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    • "Ionizing radiation is radiation composed of particles that individually carry enough energy to liberate an electron from an atom or molecule without raising the bulk material to ionization temperature. Ionizing radiation is generated through nuclear reactions, either artificial or natural, by very high temperature (e.g. the corona of the Sun), or via production of high energy particles in particle accelerators, or due to acceleration of charged particles by the electromagnetic fields produced by natural processes, from lightning to supernova explosions (Ranger, 1999). "
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    ABSTRACT: Design : Experiment was conducted to fifty five male Orycytolagus cuniculus rabbits subdivided into four groups. Control : animals received neither ionizing radiation nor radio protector. G1 : animals injected by 1 mCi of 99mTC with the legend Methoxy-Iso- Butyl-Isonitrile (MIBI) with no radio protection application. G2 : animals received a radio protective combination of vitamin E and selenium with no irradiation. G3 : animals received the ionizing radiation after prior protection with vitamin E and selenium combination. Vitamin E (α-tocopherol ) administered as 40 mg/kg body weight three times per week while Seleium was administered as 30 mg/day. This combination was administered for three weeks before irradiation. Whole blood methemoglobin reductase enzyme activity, different hemoglobin derivatives concentrations as well as antioxidants activity were measured to all animals. Results : outcome of this study showed minimum activity of methemoglobin reductase enzyme in animals irradiated with no prior protection application. The highest level of reductase activity was recorded in animals received prior protection with the combination before irradiation. Antioxidants activities and methemoglobin concentration approximately reach the normal levels after have been elevated in animals irradiated with ionizing radiation after administration of the combination.
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    • "Although for a point source detected by a simple cylindrical detector, the overall efficiency is commonly determined by two factors, the intrinsic ( int ) and geometric ( geom ) efficiencies (Ranger, 1999), the attenuation effect in the detector housing (absorption efficiency) should also be considered ( = int geom absp ). In this case, the geometric and theoretical absolute efficiencies of an HPGe detector at 1332 keV at 25 cm can be determined from detector parameters as specified by the manufacturer and the absorption efficiency from the mass attenuation coefficient of 1332 keV gamma rays in Al. "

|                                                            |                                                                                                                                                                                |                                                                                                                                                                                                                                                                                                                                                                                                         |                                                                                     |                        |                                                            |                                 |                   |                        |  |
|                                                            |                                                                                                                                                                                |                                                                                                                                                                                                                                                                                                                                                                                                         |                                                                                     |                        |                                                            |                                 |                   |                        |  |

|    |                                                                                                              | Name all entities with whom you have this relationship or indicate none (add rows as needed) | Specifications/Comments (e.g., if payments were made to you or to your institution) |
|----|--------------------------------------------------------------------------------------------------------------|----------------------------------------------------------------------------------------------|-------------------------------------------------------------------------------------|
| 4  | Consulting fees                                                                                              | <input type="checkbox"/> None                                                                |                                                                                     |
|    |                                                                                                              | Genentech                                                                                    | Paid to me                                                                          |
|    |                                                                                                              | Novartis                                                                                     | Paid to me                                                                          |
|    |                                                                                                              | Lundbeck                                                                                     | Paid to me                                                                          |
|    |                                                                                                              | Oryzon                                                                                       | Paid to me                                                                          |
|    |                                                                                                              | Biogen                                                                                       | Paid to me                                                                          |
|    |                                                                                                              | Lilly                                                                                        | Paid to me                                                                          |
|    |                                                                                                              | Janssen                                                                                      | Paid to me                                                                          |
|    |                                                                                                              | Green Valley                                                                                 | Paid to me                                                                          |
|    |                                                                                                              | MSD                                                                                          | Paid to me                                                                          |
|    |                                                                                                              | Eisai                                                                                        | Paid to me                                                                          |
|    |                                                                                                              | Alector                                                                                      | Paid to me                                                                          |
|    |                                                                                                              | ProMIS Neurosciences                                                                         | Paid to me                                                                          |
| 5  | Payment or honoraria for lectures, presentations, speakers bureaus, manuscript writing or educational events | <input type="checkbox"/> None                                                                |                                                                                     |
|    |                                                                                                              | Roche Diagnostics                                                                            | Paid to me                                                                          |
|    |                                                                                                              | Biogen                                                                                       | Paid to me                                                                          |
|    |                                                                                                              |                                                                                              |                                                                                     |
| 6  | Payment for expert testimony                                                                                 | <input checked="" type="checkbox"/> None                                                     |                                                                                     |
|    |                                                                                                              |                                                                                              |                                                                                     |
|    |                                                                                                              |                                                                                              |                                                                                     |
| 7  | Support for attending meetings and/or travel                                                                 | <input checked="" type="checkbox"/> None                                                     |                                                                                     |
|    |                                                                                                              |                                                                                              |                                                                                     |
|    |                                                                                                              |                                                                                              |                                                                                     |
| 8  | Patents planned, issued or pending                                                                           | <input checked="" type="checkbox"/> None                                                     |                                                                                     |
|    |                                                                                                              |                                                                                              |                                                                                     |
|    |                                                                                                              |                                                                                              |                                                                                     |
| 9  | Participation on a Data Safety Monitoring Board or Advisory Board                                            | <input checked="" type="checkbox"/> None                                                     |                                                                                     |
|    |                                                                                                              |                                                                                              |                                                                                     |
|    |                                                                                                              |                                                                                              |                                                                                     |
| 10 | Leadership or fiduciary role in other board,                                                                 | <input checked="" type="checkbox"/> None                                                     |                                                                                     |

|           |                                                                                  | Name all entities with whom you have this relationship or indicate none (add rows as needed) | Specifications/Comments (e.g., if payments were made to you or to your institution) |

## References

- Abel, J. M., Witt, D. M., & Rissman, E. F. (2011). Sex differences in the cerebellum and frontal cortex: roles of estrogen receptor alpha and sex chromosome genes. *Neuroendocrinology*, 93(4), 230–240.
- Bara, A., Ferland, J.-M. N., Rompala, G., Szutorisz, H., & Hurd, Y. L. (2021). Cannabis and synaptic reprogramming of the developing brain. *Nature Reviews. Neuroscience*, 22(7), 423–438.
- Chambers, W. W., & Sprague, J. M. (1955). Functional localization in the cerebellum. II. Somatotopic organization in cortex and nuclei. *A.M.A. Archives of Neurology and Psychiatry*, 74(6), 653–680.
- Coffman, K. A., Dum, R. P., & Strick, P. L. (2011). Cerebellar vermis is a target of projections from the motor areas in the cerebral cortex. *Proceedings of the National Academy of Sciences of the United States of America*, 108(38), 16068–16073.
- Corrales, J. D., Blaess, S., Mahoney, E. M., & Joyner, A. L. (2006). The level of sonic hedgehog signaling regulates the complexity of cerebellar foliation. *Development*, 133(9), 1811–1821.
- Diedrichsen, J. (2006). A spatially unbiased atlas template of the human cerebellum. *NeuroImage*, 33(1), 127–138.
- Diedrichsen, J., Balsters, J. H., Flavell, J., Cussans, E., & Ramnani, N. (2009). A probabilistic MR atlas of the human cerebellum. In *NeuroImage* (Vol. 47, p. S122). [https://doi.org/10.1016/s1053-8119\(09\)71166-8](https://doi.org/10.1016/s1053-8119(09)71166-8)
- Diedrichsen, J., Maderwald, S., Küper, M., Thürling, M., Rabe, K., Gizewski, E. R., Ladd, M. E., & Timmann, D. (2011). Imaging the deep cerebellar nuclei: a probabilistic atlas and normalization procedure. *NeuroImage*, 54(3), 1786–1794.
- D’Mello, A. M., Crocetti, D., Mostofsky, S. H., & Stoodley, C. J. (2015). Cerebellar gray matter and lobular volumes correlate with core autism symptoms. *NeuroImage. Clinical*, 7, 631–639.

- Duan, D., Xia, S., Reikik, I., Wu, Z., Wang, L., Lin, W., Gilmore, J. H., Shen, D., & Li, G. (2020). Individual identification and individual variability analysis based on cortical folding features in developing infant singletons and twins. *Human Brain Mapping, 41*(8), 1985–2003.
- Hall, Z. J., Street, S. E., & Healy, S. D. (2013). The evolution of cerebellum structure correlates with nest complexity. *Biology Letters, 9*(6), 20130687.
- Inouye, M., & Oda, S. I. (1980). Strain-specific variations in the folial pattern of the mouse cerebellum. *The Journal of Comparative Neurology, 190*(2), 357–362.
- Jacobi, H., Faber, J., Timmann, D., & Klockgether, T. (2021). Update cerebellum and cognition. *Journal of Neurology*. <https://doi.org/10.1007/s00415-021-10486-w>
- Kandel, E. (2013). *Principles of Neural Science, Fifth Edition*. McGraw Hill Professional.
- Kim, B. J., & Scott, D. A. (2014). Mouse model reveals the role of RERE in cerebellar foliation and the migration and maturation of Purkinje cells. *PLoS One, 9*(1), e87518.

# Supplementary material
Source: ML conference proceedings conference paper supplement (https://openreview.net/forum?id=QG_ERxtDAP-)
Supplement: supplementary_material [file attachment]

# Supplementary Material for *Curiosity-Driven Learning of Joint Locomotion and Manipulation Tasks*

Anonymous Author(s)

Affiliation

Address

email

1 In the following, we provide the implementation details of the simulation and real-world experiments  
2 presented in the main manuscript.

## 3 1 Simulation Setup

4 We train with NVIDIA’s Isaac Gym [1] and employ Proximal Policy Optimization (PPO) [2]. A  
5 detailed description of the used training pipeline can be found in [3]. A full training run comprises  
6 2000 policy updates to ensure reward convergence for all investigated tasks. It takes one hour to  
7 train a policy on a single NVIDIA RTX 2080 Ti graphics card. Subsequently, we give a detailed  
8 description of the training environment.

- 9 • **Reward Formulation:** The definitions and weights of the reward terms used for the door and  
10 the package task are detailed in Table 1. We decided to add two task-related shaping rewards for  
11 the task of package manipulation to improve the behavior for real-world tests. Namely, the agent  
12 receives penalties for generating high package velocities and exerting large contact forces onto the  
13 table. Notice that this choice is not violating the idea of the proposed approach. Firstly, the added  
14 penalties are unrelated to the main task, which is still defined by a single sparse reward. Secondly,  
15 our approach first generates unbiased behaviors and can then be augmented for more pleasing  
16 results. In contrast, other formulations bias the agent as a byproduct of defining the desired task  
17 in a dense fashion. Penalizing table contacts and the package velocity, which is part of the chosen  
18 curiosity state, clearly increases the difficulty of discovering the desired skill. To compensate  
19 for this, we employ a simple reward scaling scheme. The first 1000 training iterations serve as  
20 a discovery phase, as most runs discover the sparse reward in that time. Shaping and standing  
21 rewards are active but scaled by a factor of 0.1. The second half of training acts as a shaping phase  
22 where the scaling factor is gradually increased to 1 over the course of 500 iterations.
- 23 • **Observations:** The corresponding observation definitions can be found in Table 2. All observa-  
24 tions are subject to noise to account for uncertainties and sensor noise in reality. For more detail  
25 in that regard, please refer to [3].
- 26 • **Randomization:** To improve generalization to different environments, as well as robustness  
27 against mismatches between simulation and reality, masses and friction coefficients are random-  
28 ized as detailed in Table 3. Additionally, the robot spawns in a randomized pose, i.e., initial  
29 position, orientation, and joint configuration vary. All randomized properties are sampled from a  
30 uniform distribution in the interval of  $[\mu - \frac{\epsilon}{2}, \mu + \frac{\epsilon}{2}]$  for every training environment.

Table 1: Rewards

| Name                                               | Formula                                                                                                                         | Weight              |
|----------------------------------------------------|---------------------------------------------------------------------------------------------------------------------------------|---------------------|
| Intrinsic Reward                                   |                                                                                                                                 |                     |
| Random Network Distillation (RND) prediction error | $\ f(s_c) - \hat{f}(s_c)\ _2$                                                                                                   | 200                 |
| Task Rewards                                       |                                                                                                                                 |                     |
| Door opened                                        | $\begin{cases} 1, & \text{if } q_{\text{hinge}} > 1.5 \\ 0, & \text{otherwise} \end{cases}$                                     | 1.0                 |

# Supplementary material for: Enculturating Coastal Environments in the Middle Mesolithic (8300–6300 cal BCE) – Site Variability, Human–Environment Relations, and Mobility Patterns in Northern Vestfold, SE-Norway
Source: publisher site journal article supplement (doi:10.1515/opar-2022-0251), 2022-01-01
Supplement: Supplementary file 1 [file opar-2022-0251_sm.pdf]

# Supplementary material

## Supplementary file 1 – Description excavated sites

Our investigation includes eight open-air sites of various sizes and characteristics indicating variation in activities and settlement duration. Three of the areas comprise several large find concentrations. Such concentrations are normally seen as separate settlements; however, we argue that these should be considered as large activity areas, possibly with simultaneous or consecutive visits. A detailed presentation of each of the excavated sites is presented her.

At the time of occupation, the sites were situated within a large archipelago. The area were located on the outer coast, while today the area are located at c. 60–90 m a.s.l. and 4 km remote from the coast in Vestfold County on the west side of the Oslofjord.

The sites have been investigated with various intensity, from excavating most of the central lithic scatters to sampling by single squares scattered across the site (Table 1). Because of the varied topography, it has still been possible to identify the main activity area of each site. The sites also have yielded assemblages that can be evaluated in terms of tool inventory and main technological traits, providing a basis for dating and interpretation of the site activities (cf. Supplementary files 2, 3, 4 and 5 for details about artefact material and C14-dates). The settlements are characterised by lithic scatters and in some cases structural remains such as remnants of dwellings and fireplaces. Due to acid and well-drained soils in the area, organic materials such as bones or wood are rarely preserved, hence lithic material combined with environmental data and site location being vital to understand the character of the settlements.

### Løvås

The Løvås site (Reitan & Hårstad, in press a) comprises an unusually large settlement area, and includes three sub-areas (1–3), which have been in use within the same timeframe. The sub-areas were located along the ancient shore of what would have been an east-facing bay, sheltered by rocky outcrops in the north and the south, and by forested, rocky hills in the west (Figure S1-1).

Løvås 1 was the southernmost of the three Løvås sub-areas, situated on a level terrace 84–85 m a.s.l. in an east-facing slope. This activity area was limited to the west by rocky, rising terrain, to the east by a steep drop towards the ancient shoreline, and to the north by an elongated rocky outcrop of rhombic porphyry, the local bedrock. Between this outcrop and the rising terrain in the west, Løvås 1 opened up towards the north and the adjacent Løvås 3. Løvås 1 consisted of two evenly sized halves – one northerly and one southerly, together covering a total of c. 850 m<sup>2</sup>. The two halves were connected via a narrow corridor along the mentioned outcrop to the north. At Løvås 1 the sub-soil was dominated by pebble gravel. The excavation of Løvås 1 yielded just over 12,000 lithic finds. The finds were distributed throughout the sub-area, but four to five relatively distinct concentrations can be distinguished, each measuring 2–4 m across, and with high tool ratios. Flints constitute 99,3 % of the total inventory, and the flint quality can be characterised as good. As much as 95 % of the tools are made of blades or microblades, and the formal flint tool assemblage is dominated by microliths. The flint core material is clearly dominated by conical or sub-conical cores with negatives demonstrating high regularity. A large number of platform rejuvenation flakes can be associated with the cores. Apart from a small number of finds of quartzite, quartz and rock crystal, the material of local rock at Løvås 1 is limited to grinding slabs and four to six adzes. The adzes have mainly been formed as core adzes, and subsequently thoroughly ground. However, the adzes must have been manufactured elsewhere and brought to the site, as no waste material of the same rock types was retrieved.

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    ABSTRACT: A semi-empirical method to determine radionuclide concentrations in large environmental samples without the use of reference material and avoiding the typical complexity of Monte-Carlo codes is proposed. The calculation of full-energy peak efficiencies was carried out from a relative efficiency curve (obtained from the gamma spectra data), and the geometric (simulated by Monte-Carlo), absorption, sample and intrinsic efficiencies for energies between 130 and 3000 keV. The absorption and sample efficiencies were determined from the mass absorption coefficients, whereas the intrinsic efficiency was approximated by an empirical function. The deviations between calculated and experimental efficiencies for a reference material in most cases are less than 10%. Radionuclide activities in marine sediment samples calculated by the proposed method and by the experimental comparative method were not significantly different. This new method can be used for routine environmental monitoring when uncertainties up to 10% are acceptable.
    Radiation Measurements 01/2008; 43(1):77-84. DOI:10.1016/j.radmeas.2007.11.043 · 1.21 Impact Factor